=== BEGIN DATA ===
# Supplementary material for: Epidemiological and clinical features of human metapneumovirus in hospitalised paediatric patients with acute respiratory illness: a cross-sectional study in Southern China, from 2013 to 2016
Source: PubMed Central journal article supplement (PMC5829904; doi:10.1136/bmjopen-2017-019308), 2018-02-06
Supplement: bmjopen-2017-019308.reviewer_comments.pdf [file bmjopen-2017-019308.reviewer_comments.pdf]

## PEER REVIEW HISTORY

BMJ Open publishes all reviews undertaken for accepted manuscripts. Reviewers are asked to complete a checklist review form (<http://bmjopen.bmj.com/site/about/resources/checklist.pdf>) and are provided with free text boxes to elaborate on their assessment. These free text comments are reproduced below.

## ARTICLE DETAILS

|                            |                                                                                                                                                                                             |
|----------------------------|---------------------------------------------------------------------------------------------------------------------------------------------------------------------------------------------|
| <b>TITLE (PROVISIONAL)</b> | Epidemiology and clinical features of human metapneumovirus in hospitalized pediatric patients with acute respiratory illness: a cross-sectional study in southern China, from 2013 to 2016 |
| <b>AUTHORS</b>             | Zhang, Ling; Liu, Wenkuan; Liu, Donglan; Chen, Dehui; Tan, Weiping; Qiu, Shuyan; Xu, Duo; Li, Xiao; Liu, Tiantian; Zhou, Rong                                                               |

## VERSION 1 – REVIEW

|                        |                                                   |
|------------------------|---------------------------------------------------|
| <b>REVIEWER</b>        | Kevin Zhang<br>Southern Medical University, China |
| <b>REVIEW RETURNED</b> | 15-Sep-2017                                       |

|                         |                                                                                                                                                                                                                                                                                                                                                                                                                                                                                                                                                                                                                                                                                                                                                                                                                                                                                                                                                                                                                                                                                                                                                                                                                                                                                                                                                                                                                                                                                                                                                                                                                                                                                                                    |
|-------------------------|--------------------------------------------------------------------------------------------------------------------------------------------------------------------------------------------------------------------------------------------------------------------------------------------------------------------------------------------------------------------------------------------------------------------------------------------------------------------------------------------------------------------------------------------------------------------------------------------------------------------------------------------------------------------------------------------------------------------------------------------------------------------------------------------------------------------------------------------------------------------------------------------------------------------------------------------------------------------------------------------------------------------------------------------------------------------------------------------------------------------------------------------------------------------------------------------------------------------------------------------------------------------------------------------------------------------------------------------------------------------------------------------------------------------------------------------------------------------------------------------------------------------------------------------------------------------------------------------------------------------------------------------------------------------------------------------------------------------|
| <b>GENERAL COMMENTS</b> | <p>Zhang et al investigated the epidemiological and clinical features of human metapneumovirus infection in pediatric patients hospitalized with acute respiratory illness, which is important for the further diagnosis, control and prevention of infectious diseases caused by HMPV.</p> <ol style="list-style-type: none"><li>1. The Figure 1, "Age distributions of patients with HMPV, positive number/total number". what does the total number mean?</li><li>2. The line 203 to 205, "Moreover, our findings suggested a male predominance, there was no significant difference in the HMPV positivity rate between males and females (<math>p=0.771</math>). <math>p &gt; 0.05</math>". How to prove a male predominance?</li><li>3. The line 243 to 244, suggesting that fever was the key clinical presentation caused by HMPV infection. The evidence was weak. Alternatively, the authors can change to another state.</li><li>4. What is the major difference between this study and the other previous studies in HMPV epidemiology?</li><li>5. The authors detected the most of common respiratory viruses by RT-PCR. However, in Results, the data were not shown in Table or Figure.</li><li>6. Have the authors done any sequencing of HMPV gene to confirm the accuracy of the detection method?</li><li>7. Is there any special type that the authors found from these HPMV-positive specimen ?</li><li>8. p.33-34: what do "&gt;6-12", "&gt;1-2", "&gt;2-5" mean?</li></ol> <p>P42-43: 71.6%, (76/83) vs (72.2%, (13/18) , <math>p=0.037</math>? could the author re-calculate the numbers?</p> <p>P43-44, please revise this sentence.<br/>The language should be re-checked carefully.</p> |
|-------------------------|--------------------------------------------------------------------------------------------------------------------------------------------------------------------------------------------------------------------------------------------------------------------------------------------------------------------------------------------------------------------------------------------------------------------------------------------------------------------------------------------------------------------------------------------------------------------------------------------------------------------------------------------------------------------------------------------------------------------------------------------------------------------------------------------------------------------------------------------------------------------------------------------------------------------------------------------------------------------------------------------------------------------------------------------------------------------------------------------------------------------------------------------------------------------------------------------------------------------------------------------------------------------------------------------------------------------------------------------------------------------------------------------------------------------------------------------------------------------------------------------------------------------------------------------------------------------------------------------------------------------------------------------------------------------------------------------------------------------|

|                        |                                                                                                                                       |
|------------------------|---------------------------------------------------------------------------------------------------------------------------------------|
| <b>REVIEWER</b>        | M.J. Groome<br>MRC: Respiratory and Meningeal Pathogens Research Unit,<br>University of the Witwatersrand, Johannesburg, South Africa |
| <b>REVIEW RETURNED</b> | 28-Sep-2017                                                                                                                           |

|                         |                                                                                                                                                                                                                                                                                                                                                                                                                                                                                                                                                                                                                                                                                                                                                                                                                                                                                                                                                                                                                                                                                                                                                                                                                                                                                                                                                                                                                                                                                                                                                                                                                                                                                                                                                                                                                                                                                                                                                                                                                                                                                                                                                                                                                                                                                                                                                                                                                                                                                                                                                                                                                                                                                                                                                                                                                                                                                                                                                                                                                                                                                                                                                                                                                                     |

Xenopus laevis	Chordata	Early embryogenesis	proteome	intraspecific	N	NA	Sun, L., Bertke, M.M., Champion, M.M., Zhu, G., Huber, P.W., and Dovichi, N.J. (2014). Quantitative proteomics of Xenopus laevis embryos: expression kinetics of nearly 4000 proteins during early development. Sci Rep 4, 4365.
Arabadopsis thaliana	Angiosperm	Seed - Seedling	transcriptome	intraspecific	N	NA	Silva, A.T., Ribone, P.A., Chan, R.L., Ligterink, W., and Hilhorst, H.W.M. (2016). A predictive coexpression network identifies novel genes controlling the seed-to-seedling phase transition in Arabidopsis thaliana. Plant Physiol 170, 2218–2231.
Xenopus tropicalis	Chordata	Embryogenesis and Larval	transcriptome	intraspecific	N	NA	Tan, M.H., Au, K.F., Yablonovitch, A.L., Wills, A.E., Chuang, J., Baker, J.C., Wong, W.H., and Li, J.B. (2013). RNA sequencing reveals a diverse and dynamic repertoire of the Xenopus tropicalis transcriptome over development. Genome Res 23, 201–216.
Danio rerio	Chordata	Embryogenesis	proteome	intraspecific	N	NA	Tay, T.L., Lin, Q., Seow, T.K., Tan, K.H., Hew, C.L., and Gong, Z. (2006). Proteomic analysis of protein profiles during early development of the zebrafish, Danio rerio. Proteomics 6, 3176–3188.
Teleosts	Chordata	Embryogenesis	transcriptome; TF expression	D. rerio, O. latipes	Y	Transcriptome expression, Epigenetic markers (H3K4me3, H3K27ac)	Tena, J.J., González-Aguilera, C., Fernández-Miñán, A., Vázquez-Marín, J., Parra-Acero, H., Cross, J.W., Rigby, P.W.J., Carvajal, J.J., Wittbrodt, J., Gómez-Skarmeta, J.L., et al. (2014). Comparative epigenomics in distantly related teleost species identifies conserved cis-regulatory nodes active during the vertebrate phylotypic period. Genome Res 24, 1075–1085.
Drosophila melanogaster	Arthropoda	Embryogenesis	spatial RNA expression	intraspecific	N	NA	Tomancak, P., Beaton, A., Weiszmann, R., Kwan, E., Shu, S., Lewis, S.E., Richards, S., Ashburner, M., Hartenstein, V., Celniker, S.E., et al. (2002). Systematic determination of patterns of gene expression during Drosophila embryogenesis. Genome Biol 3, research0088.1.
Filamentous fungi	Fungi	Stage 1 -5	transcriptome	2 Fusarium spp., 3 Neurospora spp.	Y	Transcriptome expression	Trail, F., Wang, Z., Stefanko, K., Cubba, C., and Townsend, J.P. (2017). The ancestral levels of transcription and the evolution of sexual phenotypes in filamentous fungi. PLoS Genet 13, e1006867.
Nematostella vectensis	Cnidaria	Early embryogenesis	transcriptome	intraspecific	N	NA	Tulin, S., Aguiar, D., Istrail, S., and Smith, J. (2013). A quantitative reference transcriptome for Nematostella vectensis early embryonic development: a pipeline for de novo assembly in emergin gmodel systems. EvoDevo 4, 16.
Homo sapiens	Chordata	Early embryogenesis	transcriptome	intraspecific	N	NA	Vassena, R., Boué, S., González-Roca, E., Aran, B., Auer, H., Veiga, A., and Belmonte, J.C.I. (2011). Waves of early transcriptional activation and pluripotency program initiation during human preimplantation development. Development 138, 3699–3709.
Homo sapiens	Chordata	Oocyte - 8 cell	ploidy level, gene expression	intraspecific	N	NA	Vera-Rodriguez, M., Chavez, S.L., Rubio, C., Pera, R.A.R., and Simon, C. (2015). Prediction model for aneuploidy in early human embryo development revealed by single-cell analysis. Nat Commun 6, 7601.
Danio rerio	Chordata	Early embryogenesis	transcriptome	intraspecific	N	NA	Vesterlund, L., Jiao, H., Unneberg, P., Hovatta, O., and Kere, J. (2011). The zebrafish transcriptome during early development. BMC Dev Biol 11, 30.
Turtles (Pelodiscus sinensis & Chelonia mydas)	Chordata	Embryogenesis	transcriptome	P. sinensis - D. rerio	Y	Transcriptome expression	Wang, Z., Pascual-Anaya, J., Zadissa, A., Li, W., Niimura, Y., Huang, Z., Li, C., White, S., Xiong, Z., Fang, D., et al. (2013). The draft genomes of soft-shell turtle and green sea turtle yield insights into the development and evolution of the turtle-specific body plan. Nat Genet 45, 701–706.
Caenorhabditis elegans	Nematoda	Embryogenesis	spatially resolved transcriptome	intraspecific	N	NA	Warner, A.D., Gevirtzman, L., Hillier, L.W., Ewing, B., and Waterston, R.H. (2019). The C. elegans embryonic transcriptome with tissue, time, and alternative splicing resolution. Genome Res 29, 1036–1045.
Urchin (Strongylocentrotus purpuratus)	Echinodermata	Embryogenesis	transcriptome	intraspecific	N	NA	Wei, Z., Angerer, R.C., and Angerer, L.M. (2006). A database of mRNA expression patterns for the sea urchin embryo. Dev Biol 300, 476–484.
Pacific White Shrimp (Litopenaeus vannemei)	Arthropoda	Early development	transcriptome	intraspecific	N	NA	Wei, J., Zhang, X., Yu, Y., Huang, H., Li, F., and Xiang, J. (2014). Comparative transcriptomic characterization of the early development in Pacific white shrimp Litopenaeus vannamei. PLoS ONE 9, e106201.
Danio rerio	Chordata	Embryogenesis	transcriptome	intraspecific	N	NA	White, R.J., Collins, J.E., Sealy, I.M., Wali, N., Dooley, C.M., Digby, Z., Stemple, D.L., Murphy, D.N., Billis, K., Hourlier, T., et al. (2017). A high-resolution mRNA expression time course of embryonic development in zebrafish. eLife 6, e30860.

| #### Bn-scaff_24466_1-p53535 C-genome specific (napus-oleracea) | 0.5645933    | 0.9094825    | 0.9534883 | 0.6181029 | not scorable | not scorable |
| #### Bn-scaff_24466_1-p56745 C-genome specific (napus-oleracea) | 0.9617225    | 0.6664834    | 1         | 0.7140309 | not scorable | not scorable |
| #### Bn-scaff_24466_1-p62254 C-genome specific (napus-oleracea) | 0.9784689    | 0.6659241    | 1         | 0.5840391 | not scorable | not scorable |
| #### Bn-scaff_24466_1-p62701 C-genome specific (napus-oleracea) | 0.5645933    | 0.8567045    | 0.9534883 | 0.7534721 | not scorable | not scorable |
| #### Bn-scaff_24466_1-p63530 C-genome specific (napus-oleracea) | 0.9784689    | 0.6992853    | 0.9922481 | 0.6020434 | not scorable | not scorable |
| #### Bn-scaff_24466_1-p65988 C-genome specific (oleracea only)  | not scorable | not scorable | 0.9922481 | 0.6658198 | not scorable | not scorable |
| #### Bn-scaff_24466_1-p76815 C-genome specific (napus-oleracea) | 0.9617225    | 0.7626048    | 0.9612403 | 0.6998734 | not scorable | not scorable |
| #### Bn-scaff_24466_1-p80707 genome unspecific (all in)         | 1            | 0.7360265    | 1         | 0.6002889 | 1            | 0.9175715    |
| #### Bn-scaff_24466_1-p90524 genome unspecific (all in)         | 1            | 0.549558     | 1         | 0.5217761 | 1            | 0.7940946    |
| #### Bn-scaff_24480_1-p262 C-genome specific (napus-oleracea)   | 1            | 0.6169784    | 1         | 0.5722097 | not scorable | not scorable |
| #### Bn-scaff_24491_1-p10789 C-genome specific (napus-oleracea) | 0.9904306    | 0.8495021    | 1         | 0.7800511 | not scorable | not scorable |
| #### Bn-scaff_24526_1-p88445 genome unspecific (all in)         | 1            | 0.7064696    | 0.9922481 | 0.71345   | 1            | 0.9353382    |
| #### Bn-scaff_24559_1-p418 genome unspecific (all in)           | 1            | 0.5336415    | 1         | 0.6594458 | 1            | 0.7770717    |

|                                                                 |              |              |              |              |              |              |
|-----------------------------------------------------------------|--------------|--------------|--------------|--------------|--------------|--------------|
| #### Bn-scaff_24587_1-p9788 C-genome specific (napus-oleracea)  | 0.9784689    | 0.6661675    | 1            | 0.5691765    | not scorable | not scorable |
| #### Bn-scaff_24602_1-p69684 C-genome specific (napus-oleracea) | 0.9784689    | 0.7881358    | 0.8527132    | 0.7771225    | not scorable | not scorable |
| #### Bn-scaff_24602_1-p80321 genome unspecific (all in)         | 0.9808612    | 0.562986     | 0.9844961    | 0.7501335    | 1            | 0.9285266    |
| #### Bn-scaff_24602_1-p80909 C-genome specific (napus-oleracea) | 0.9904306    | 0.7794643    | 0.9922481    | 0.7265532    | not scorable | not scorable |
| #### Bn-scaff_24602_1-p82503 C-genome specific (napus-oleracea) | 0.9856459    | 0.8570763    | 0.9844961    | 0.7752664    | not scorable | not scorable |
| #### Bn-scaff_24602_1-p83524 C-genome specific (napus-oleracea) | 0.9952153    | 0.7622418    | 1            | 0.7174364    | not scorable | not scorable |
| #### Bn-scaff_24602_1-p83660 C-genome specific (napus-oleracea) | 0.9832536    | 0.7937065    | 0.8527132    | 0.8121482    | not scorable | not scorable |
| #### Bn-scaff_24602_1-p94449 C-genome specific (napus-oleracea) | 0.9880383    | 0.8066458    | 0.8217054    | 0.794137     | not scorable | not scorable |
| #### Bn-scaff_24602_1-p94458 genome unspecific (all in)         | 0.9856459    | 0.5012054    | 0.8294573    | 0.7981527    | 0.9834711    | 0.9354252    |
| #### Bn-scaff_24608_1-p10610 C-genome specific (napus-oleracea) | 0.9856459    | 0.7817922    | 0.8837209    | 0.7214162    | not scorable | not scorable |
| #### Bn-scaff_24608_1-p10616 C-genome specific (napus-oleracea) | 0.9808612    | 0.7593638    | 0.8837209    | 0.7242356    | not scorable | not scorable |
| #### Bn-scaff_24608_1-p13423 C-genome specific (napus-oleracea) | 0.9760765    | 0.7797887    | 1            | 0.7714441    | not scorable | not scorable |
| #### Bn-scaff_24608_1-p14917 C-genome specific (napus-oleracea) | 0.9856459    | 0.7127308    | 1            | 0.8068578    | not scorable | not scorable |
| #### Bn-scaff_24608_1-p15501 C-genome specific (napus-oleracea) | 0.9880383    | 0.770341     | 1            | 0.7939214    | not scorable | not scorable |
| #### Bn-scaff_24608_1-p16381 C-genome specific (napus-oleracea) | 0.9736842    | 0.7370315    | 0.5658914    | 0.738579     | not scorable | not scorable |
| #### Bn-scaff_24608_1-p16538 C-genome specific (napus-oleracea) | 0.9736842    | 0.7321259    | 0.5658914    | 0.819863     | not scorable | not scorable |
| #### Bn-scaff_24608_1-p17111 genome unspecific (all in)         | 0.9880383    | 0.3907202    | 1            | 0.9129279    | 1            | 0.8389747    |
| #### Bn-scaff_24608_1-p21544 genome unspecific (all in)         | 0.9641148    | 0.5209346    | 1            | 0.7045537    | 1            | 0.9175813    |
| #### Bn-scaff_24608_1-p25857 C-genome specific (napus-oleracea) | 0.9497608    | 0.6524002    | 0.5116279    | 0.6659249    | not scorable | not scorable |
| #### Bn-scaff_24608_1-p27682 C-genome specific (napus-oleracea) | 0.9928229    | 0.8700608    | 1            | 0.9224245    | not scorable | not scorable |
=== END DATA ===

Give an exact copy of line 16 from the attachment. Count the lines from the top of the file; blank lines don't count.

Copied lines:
|                         |                                                                                                                                                                                                                                                                                                                                                                                                                                                                                                                                                                                                                                                                                                                                                                                                                                                                                                                                                                                                                                                                                                                                                                                                                                                                                                                                                                                                                                                                                                                                                                                                                                                                                                                    |